The Ancient Greek Roots of "Christmas"

Christmas is the most important, and perhaps the most treasured, celebration of Christianity filled with joy and love. Every country celebrates with different customs that have deep roots within history and tradition. We can find a variety of similarities in the commemoration of the birth of Christ and Dionysus between ancient and contemporary Greece. If we look at the ancient Greek history and the traditions within, we will see that some of our customs have their roots in ancient Greece.

In December, the Ancient Greeks celebrated the birth of Dionysus, calling him “Savior” and divine “infant.” According to Greek mythology, his mother was a mortal woman, Semele, and his father was Zeus, the king of the Gods. The priest of Dionysus held a pastoral staff as did the Good Shepherd. On December 30, ancient Greeks commemorated his rebirth.
Bust of Dionysus

The most well-known custom throughout the Christian world are the Christmas carols that have roots deriving from ancient Greece. Specifically, Homer — during his stay on the island of Samos, along with a group of children — composed the carols. In ancient Greece, carols symbolized joy, wealth and peace, and the children sang the carols only in the homes of the rich. Children would go from house to house, holding an olive or a laurel branch adorned with wool (a symbol of health and beauty) and different kinds of fruits. The children brought the olive branch to their homes and hung it on the doors where it remained for the rest of the year.
Read about the Twelve Days of Dionysus
As with Jesus, December 25th and January 6th are both traditional birth dates in the Dionysian myth and simply represent the period of the winter solstice. Indeed, the winter-solstice date of the Greek sun and wine god Dionysus was originally recognized in early January but was eventually placed on December 25th, as related by ancient Latin writer Macrobius (c. 400 AD/CE). Regardless, the effect is the same: The winter sun god is born around this time, when the shortest day of the year begins to become longer.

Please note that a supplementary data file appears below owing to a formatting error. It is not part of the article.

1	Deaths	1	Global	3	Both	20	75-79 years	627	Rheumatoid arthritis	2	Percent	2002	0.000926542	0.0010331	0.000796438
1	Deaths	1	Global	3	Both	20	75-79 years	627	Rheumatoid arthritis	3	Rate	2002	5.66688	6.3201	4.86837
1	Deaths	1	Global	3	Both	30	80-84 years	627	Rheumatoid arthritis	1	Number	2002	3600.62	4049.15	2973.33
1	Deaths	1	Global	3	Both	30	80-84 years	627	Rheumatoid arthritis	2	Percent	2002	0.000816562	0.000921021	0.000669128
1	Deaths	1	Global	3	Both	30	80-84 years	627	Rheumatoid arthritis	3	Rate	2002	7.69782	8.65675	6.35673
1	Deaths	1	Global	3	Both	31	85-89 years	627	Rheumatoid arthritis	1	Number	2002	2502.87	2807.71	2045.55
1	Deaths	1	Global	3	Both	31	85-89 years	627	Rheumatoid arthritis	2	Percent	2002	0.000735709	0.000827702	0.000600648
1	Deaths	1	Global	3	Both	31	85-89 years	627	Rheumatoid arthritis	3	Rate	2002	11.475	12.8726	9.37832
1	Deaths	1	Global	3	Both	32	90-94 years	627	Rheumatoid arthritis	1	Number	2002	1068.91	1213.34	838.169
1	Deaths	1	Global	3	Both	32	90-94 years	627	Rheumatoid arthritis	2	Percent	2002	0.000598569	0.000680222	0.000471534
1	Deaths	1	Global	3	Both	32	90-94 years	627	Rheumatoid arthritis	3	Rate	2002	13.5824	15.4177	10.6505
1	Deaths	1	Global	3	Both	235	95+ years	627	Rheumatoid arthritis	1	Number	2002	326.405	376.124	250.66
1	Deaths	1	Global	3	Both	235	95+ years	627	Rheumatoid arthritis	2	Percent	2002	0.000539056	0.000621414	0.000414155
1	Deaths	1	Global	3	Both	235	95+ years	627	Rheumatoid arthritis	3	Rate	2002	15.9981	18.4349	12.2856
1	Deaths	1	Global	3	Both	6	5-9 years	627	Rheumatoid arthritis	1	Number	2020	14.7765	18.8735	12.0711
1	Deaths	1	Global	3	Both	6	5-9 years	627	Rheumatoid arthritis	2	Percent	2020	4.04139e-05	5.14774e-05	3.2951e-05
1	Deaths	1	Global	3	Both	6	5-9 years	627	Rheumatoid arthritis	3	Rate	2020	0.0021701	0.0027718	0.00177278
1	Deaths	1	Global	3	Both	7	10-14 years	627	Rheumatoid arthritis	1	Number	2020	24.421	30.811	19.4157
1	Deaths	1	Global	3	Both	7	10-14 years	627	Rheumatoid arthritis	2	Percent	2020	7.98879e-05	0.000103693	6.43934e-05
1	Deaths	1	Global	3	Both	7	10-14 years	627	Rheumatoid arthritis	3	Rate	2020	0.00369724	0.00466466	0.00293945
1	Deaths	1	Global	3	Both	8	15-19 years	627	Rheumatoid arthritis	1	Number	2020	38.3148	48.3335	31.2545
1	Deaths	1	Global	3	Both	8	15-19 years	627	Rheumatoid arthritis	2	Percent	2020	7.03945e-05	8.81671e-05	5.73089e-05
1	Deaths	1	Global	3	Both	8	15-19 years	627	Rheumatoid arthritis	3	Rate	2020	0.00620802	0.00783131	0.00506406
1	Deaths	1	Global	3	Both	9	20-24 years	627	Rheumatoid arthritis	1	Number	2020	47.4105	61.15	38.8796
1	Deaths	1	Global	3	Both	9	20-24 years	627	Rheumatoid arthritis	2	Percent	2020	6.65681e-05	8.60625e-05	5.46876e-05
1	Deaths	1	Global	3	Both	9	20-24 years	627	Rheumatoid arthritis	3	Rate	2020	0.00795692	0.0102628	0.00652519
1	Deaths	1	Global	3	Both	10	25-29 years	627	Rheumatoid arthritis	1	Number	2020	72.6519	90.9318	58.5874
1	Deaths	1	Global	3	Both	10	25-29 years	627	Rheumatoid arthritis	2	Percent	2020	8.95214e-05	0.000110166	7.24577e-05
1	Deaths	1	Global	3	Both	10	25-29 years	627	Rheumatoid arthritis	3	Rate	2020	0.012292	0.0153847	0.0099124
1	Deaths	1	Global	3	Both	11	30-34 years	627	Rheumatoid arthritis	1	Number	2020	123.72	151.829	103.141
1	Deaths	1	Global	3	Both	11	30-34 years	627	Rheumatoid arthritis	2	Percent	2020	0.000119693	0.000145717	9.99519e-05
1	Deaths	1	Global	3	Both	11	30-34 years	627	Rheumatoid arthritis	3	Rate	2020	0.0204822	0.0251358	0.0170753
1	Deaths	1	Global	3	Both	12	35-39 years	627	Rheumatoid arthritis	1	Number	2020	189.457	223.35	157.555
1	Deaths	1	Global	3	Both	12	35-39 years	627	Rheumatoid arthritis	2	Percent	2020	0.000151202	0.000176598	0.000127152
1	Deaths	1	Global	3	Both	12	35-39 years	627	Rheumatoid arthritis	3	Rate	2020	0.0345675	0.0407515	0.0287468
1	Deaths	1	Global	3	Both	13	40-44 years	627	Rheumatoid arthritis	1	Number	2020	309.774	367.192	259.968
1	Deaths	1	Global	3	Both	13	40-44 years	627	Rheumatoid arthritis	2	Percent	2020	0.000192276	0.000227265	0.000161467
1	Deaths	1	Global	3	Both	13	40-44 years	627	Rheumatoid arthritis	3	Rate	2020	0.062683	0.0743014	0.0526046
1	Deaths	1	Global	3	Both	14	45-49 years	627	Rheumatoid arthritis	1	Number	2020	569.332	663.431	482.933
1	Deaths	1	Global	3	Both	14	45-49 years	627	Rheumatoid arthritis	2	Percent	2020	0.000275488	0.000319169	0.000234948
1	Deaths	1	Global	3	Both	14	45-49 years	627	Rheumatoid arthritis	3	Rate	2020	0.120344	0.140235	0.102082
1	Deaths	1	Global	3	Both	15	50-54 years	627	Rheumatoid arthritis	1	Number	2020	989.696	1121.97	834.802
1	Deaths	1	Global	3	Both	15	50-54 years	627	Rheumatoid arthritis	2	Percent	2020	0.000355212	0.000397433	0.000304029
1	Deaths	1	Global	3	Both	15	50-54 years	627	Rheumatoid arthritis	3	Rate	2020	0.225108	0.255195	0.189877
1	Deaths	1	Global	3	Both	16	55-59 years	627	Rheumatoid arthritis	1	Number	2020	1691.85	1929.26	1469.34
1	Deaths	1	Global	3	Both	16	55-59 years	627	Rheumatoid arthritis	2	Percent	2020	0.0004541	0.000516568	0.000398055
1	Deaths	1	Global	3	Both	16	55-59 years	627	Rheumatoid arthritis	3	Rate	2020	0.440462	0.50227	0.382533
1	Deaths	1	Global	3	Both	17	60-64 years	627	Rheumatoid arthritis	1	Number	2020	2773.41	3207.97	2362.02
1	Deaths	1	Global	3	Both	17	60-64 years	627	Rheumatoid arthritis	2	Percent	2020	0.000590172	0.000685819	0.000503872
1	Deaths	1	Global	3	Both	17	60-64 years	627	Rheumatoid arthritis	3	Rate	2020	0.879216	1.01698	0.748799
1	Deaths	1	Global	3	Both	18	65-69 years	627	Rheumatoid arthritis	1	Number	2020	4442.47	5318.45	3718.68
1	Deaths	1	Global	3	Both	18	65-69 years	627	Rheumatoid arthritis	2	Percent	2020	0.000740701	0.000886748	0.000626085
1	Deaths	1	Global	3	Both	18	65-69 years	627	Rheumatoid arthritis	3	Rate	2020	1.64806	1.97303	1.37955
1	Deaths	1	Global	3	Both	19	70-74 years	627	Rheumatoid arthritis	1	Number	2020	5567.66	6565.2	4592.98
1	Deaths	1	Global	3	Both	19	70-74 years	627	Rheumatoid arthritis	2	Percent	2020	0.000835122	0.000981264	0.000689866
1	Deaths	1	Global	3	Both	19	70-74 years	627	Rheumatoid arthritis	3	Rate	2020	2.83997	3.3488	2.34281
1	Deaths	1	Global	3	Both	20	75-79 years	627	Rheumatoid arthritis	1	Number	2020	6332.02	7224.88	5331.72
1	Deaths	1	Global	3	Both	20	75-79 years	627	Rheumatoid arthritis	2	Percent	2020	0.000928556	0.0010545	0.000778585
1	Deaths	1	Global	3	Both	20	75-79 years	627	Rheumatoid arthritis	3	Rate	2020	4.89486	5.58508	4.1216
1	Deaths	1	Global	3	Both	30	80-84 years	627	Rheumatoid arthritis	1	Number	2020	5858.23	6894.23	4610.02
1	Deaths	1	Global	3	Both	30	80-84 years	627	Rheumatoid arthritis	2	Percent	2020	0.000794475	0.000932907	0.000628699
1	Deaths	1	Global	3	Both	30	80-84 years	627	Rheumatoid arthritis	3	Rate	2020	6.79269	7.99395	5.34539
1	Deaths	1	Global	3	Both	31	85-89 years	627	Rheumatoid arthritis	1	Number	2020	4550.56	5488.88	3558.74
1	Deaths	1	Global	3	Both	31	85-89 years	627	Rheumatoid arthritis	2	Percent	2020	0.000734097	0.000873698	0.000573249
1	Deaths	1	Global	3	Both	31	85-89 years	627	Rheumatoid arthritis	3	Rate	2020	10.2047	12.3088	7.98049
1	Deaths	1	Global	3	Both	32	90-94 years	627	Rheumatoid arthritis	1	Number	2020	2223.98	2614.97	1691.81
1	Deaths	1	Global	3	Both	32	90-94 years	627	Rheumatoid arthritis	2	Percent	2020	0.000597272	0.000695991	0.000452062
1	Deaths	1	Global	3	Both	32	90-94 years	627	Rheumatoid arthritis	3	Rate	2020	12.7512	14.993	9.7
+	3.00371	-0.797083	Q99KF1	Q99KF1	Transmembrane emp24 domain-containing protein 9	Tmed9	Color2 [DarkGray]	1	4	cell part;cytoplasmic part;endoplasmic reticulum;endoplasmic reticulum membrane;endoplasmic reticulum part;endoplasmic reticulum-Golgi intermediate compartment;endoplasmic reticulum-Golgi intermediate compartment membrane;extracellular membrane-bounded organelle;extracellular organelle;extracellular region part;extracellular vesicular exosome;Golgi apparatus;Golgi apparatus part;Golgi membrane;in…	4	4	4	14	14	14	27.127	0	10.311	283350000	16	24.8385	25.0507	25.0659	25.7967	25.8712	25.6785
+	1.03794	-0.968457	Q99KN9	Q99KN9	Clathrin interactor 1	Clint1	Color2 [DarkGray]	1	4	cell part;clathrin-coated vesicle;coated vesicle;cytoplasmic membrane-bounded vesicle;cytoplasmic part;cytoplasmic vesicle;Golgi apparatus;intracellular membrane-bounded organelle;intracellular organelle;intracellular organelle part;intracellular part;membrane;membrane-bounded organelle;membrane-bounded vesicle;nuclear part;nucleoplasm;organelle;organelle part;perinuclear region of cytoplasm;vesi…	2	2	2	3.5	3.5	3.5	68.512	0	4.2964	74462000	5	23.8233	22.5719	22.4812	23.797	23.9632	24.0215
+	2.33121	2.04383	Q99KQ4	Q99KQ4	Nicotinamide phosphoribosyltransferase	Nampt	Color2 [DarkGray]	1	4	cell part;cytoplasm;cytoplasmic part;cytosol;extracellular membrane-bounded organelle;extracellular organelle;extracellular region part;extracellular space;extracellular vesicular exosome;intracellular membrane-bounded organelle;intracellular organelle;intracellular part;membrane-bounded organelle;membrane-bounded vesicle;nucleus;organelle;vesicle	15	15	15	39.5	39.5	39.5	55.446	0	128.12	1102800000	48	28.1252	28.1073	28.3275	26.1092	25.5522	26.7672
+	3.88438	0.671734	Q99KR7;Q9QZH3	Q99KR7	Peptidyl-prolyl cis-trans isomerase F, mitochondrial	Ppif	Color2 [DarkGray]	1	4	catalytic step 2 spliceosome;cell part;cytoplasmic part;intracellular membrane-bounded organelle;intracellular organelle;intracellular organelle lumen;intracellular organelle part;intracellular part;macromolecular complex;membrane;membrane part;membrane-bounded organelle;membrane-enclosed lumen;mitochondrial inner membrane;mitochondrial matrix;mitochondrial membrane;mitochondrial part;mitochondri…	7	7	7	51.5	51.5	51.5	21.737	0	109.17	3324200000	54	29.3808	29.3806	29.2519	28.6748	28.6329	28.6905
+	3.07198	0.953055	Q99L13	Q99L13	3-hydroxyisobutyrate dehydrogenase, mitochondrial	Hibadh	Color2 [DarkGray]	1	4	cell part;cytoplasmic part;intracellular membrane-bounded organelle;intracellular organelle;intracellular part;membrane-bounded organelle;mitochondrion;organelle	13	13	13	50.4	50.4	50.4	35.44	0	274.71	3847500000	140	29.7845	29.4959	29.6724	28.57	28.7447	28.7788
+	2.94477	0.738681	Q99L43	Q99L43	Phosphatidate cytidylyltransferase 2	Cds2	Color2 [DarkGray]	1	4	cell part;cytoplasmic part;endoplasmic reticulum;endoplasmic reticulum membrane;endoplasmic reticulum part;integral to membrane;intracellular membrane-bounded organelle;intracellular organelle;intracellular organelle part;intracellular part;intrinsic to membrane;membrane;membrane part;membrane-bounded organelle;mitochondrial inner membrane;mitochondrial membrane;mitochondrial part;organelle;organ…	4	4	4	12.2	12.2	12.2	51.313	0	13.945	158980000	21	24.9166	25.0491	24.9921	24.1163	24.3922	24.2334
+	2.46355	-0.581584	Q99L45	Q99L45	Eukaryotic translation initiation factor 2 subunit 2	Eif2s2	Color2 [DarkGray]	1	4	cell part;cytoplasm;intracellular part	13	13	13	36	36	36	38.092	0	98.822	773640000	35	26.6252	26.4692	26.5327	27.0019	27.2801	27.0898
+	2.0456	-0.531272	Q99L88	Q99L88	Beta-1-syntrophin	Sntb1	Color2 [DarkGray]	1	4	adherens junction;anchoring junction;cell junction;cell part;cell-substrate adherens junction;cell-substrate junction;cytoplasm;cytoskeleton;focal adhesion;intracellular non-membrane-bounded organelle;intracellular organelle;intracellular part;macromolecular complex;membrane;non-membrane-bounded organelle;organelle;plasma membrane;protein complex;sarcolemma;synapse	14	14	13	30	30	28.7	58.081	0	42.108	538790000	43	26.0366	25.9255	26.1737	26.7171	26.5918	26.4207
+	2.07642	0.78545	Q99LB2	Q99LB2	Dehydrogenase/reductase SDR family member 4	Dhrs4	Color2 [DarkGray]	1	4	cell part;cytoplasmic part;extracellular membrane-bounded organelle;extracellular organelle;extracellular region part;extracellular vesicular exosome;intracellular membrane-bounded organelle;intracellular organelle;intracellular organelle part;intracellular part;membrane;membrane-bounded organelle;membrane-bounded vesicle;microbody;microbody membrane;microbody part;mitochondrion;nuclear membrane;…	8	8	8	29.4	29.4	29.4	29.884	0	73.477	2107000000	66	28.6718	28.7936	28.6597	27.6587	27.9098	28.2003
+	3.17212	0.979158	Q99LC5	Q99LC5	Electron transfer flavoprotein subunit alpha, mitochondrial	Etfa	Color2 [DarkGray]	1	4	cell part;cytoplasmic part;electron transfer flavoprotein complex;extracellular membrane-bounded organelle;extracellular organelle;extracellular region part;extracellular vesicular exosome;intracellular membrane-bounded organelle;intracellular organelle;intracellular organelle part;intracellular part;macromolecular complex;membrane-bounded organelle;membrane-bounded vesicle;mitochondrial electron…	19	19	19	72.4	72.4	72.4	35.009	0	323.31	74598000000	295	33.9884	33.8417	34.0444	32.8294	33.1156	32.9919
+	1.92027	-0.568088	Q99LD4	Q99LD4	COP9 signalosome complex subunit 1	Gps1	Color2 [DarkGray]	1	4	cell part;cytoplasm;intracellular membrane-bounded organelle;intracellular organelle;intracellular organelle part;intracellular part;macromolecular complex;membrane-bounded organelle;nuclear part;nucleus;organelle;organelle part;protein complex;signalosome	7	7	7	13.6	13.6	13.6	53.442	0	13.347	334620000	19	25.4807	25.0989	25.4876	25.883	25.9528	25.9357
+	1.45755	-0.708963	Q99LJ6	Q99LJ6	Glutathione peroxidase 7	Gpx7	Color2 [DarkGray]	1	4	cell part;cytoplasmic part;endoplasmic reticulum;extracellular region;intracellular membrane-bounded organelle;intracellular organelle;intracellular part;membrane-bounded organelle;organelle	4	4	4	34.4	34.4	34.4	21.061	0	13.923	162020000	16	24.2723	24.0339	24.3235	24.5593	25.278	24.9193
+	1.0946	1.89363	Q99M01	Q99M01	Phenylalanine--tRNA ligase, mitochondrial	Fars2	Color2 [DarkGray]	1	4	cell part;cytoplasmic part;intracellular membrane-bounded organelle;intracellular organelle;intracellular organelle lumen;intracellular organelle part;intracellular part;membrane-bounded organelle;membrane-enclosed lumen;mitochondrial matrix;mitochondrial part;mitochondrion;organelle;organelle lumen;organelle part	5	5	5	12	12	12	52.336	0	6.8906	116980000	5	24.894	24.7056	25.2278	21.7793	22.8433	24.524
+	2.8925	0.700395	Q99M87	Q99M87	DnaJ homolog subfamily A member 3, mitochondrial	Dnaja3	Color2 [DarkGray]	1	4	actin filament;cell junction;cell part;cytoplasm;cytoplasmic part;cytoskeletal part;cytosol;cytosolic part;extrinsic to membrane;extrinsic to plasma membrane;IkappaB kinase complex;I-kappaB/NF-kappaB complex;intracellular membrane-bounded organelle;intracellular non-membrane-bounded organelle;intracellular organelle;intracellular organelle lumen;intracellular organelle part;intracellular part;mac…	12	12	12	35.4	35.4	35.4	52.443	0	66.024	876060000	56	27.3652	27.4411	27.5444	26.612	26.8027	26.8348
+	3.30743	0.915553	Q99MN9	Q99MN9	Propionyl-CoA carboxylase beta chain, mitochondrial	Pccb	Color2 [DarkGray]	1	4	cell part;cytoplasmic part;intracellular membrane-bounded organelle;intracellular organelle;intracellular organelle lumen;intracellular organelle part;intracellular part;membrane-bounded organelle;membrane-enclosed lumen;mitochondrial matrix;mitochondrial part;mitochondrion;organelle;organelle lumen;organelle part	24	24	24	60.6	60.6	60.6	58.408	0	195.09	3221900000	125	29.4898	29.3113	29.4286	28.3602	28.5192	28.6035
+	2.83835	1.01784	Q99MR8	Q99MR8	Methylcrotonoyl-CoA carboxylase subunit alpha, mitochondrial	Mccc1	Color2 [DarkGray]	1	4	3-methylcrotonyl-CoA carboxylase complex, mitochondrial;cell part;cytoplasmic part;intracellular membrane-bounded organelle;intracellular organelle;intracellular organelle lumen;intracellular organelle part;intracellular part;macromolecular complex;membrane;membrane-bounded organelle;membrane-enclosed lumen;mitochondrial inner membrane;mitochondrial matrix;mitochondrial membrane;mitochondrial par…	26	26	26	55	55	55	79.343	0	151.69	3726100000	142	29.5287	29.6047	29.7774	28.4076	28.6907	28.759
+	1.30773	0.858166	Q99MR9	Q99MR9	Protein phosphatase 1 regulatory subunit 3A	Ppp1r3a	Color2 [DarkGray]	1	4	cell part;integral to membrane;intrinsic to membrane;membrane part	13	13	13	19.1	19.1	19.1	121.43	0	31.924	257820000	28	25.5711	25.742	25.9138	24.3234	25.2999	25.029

"Macrobius transfers this feast to the day of the winter solstice, December 25."

The ancient Church father Epiphanius (4th cent. ) discussed the birth of the god Aion, son of the Greek goddess Persephone or Kore ("Maiden"), at the time of the winter solstice. In this regard, Christian theologian Rev. Dr. Hugh Rahner (139-140) remarks:

We know that Aion was at this time beginning to be regarded as identical with Helios and Helios with Dionysus...because [according to Macrobius] Dionysus was the symbol of the sun... He is made to appear small at the time of the winter solstice, when upon a certain day the Egyptians take him out of the crypt, because on this the shortest day of the year it is as though he were a little child.... Macrobius transfers [this feast] to the day of the winter solstice, December 25.